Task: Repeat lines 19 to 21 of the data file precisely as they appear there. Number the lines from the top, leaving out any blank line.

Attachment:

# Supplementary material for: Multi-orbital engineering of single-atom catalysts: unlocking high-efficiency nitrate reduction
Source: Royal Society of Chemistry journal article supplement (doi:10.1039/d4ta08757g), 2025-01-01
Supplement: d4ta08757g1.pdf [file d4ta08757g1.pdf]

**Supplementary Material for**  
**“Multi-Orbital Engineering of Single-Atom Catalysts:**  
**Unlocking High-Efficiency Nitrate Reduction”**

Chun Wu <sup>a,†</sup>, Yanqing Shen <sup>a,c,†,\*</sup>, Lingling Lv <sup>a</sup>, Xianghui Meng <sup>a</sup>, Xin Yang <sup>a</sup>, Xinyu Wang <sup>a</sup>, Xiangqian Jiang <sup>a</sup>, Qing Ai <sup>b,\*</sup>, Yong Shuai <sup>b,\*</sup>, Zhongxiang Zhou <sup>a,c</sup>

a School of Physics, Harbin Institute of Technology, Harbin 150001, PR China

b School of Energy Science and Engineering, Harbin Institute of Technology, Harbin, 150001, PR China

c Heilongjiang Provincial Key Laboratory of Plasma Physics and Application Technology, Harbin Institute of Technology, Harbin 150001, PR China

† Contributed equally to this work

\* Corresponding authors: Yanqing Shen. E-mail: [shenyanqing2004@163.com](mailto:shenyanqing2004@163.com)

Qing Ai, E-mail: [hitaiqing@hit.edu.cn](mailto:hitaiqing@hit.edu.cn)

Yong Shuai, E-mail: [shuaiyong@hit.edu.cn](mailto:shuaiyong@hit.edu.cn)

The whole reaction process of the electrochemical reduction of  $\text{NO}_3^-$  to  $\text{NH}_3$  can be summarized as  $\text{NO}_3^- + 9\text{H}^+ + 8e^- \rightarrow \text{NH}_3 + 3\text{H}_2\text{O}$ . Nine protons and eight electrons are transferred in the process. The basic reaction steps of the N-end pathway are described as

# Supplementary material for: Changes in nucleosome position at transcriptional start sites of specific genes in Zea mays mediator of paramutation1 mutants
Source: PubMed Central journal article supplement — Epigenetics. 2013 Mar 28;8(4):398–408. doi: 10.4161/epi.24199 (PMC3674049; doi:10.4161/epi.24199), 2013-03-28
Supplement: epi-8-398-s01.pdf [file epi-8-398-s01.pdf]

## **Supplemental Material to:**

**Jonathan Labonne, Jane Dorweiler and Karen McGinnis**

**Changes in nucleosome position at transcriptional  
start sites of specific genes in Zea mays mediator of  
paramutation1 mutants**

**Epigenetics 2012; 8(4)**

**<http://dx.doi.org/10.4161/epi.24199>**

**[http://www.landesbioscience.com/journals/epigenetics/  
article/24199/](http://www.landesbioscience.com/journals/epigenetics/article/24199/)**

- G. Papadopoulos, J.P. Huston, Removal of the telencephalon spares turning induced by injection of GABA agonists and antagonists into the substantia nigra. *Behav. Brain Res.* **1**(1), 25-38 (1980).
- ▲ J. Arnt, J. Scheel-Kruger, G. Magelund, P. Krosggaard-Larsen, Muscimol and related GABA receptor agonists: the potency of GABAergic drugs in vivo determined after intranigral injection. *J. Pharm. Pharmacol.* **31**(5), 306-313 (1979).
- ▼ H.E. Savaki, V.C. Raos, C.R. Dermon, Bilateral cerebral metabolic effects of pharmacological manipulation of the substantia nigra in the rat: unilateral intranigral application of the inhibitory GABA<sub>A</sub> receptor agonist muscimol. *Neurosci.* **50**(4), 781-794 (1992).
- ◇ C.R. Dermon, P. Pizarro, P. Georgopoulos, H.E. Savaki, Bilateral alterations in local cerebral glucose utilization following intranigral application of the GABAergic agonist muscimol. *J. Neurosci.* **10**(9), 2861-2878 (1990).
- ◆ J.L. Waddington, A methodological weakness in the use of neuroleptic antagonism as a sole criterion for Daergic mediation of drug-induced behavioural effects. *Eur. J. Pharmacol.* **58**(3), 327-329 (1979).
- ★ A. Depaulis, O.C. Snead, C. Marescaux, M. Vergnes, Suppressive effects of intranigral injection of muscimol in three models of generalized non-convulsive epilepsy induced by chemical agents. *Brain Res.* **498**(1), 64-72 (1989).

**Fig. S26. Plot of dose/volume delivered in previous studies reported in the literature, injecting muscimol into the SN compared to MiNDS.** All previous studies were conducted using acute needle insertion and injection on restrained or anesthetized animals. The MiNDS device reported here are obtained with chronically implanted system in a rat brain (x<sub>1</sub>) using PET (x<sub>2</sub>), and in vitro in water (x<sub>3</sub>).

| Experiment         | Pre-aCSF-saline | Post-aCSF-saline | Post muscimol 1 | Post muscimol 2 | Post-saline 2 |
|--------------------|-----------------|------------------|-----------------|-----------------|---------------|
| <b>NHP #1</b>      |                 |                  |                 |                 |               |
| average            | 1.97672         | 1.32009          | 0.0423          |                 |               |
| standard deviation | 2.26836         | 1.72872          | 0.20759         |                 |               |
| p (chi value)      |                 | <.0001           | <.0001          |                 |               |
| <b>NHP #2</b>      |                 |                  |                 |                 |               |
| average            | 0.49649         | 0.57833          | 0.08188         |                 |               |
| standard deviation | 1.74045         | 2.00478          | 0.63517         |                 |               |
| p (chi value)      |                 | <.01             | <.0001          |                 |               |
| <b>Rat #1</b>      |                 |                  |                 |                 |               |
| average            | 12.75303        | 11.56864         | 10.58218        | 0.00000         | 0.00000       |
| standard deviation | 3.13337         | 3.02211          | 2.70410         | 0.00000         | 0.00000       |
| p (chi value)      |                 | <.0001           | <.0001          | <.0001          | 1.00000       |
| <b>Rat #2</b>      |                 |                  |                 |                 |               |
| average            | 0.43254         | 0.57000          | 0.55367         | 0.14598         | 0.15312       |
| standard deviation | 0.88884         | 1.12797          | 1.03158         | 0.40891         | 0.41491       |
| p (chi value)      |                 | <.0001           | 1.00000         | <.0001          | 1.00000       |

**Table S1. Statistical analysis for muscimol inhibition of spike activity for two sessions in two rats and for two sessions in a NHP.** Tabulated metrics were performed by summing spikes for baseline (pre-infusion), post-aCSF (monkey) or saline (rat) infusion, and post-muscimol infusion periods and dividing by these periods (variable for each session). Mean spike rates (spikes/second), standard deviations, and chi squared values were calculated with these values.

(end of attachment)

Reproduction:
## **Supplemental Material to:**

**Jonathan Labonne, Jane Dorweiler and Karen McGinnis**

**Changes in nucleosome position at transcriptional  